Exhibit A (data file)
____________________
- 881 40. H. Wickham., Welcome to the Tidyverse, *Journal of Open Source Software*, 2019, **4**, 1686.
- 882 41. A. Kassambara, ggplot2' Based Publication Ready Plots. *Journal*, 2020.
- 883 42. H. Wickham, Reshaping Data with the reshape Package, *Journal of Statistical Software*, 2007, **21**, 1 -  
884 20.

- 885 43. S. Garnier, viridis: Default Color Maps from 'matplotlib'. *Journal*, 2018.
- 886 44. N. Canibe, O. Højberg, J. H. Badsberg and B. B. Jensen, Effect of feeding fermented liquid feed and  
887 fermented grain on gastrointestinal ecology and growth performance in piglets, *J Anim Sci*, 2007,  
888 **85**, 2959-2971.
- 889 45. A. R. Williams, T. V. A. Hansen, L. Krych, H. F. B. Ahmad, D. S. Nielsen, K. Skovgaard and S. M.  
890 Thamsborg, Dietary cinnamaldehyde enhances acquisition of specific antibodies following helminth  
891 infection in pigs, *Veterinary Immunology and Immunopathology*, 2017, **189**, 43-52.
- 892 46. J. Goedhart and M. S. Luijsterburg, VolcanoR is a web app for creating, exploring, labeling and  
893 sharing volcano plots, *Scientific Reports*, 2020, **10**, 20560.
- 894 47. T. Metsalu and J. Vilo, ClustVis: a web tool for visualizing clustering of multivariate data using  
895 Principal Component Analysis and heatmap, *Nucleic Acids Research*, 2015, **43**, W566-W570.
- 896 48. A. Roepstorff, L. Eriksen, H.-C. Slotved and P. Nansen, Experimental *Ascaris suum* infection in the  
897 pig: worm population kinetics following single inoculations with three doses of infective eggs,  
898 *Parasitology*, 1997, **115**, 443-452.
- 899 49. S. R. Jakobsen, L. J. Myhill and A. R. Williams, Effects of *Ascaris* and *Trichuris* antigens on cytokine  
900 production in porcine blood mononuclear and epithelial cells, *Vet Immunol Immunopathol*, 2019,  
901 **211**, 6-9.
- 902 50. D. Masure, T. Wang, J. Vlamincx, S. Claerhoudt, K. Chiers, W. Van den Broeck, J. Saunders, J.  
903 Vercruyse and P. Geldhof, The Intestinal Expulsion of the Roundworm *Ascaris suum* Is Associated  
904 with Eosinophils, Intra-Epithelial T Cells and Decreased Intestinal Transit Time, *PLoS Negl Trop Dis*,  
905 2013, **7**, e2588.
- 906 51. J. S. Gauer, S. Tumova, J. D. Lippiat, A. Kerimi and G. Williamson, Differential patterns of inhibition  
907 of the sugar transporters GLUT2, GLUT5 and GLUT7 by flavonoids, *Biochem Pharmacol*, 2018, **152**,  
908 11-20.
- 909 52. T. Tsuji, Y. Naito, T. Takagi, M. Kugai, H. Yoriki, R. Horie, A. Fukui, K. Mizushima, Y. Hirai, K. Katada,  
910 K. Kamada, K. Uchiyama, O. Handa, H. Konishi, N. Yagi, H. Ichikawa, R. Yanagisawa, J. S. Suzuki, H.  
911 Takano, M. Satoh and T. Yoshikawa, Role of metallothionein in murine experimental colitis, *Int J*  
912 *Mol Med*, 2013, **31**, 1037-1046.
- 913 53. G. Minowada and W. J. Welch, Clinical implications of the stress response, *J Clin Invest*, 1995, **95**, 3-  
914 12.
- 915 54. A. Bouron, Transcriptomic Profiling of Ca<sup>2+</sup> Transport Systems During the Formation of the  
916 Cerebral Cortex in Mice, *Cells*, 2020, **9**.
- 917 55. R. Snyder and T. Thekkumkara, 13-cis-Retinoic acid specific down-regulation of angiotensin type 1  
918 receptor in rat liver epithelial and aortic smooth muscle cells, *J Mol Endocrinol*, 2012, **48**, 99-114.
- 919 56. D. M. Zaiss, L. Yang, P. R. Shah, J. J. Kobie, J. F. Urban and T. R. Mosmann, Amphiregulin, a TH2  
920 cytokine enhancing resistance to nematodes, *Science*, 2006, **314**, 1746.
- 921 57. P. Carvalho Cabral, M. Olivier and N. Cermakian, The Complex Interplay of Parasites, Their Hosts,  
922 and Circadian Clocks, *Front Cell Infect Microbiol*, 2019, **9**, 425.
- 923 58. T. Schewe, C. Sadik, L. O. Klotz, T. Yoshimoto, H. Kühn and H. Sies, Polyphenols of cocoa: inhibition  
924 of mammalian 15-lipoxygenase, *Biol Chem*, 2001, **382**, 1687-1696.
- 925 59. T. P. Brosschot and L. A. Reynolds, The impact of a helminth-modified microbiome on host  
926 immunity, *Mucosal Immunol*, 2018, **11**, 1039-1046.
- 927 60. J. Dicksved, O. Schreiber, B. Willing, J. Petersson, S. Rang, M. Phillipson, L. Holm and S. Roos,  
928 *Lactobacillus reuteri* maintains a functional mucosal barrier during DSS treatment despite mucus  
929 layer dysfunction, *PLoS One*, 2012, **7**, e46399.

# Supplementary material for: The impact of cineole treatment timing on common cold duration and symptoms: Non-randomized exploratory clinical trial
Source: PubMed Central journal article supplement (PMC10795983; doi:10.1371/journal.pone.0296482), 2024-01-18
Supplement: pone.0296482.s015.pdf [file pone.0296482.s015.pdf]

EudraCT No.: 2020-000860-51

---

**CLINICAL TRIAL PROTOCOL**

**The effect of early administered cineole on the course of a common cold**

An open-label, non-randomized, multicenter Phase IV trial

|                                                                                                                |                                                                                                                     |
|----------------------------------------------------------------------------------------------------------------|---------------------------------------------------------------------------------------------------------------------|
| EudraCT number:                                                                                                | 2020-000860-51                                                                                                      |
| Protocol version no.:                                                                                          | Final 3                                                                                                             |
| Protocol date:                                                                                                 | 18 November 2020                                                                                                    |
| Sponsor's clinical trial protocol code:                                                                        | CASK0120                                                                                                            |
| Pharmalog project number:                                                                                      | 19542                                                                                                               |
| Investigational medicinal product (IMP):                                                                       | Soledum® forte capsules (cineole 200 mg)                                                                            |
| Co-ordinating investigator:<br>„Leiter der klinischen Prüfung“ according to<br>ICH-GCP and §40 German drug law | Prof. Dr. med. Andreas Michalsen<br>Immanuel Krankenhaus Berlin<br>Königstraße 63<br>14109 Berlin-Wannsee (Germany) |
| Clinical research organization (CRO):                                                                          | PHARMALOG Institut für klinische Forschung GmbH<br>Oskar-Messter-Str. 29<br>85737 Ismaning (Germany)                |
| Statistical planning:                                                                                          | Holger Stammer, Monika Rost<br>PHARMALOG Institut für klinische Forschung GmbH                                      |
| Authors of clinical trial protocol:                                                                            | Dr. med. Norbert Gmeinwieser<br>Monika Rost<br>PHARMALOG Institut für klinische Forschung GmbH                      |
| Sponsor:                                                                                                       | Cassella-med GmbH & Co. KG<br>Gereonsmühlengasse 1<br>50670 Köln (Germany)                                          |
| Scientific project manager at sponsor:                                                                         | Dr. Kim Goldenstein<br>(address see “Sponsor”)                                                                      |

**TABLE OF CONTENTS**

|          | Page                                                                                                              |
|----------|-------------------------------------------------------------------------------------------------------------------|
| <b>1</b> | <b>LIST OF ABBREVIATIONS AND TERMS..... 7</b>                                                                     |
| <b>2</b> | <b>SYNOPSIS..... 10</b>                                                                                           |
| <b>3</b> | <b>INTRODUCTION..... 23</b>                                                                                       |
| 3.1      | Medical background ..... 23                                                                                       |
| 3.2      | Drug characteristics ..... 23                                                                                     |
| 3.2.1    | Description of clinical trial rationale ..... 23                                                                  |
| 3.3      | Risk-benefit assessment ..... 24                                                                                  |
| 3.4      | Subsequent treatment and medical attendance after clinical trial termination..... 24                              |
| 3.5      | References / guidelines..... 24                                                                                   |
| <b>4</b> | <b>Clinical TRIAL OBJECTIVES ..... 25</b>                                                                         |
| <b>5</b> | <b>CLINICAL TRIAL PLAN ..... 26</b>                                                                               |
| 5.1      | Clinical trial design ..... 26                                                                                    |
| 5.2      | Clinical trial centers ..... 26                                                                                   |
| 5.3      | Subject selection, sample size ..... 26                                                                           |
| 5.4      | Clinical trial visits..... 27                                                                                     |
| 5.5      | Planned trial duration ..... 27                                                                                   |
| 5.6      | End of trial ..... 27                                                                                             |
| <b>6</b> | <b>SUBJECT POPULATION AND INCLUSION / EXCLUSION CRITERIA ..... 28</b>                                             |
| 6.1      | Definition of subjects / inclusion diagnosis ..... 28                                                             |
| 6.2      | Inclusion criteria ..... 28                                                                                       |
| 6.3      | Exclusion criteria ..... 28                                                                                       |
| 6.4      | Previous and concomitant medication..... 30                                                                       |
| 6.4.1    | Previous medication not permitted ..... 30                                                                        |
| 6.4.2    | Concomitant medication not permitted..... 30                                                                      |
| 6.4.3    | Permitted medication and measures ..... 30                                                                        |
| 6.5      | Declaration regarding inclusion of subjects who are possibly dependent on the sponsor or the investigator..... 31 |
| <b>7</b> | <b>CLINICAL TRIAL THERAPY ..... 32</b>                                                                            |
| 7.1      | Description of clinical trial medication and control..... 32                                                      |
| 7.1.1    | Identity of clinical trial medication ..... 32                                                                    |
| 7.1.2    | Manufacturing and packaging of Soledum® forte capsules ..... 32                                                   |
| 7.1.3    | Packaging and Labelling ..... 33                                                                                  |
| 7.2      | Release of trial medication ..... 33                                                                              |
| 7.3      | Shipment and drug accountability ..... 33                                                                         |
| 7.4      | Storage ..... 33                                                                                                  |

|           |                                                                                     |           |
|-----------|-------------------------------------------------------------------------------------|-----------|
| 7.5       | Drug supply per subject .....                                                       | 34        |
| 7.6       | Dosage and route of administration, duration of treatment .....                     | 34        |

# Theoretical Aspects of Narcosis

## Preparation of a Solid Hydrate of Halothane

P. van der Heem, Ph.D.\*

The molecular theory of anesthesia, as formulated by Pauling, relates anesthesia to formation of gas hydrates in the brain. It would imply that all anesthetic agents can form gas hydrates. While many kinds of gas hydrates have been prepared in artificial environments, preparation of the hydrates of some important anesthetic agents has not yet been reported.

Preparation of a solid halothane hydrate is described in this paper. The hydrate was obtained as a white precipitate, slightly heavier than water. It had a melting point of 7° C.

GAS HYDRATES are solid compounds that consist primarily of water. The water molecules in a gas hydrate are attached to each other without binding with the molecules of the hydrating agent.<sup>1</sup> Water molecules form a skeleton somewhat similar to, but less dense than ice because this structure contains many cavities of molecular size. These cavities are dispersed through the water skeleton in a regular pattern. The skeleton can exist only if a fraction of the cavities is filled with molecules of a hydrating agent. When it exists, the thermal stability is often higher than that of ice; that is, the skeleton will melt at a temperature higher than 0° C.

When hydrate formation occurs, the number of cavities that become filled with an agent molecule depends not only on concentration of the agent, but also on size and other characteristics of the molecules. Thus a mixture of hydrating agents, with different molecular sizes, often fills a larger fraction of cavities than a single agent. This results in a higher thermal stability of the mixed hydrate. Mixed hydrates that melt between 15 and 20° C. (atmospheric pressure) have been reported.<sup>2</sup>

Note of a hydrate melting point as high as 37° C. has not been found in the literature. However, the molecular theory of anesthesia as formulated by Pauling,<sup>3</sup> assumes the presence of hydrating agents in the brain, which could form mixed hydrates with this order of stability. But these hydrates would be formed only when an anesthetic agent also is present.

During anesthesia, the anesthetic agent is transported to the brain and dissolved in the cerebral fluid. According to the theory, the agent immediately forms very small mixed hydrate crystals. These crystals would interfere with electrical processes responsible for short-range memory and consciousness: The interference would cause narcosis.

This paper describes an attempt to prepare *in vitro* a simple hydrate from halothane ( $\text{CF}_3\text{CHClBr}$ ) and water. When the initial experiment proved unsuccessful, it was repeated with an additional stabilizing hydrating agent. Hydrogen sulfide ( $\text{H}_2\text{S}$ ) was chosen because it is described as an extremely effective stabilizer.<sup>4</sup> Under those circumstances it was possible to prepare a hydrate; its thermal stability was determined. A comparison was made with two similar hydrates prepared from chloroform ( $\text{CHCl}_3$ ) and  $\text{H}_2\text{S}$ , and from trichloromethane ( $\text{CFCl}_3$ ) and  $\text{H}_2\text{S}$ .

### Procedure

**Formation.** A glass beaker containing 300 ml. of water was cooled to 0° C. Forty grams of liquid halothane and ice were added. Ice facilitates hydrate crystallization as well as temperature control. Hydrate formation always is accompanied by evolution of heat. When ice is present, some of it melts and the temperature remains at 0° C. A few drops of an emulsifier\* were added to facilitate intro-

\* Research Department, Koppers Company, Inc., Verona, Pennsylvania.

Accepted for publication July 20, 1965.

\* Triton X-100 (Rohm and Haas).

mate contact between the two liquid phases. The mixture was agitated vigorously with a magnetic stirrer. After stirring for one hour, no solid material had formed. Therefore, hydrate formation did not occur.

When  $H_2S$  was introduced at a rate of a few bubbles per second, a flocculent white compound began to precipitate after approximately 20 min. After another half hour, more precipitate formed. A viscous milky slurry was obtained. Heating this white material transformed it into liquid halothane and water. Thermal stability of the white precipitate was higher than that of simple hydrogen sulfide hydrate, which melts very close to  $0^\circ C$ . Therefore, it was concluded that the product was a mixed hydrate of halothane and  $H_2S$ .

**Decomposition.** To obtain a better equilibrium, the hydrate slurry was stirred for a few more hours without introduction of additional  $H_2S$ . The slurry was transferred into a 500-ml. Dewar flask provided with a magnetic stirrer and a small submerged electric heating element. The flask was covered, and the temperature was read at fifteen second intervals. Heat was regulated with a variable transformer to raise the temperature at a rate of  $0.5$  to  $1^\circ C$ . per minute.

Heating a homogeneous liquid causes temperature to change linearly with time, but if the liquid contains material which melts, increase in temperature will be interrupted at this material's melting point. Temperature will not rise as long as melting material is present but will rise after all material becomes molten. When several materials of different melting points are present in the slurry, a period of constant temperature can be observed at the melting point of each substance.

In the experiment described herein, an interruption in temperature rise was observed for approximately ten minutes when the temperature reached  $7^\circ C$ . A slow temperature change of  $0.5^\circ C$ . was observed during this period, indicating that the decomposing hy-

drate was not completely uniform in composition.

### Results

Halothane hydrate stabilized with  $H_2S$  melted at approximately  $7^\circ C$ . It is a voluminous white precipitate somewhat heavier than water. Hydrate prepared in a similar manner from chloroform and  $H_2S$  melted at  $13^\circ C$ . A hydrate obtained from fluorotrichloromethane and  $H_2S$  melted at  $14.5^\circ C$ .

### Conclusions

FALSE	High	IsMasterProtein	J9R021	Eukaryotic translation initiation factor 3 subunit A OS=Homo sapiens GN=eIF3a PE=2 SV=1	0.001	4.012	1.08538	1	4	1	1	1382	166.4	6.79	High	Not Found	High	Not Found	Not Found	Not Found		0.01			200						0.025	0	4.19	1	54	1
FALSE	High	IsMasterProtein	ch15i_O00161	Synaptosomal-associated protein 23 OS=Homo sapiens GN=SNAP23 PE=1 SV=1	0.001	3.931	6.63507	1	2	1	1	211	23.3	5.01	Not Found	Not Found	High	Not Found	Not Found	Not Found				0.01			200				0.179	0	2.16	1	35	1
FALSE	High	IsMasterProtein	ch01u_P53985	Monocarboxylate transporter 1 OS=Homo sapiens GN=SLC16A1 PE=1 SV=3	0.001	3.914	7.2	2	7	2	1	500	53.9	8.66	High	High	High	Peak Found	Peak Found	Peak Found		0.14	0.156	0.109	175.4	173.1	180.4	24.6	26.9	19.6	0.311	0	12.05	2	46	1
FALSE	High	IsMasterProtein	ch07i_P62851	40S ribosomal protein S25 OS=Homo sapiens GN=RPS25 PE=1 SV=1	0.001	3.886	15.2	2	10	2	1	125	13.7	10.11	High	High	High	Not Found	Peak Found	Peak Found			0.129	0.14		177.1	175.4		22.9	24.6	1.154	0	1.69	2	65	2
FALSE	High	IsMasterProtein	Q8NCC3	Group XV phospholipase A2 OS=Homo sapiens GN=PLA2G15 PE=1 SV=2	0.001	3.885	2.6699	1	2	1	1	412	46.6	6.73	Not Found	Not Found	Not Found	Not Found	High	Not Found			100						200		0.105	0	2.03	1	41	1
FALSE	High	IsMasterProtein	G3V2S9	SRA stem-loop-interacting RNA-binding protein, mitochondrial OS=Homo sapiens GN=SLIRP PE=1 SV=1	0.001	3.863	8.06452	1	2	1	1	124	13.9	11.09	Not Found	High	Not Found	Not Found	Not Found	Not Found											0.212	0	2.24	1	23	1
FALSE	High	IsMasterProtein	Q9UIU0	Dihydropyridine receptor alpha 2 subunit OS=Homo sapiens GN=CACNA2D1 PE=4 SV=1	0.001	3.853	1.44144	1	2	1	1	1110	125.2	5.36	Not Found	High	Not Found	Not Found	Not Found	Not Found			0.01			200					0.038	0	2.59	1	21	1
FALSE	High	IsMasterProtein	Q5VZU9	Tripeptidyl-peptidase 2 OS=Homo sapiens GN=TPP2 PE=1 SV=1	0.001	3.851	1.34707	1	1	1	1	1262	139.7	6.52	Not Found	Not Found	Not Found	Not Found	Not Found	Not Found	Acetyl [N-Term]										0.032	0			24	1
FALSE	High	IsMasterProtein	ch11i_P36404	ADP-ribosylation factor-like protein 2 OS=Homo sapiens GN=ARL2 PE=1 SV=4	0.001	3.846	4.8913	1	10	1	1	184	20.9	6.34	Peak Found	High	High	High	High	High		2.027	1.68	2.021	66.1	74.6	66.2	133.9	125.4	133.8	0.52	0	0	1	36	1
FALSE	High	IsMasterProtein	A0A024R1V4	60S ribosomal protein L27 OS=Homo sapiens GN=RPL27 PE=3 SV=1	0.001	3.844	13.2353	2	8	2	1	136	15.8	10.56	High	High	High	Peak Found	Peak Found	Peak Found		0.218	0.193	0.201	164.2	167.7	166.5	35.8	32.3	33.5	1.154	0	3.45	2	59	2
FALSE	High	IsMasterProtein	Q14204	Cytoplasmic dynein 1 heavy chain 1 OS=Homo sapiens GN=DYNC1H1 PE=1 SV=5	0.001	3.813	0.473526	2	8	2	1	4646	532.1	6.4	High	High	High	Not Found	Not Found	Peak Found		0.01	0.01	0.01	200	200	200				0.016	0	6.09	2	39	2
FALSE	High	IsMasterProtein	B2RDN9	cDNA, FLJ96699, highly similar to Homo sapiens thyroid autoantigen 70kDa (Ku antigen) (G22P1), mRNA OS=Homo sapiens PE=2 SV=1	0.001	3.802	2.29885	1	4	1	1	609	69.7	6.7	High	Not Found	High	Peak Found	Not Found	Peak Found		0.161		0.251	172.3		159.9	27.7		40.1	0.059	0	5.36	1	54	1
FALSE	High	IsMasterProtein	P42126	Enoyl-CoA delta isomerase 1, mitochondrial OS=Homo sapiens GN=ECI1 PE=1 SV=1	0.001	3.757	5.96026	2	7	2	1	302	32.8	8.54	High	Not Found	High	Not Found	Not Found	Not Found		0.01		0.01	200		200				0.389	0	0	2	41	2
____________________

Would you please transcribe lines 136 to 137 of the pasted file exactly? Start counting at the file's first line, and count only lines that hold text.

### Conclusions

FALSE	High	IsMasterProtein	J9R021	Eukaryotic translation initiation factor 3 subunit A OS=Homo sapiens GN=eIF3a PE=2 SV=1	0.001	4.012	1.08538	1	4	1	1	1382	166.4	6.79	High	Not Found	High	Not Found	Not Found	Not Found		0.01			200						0.025	0	4.19	1	54	1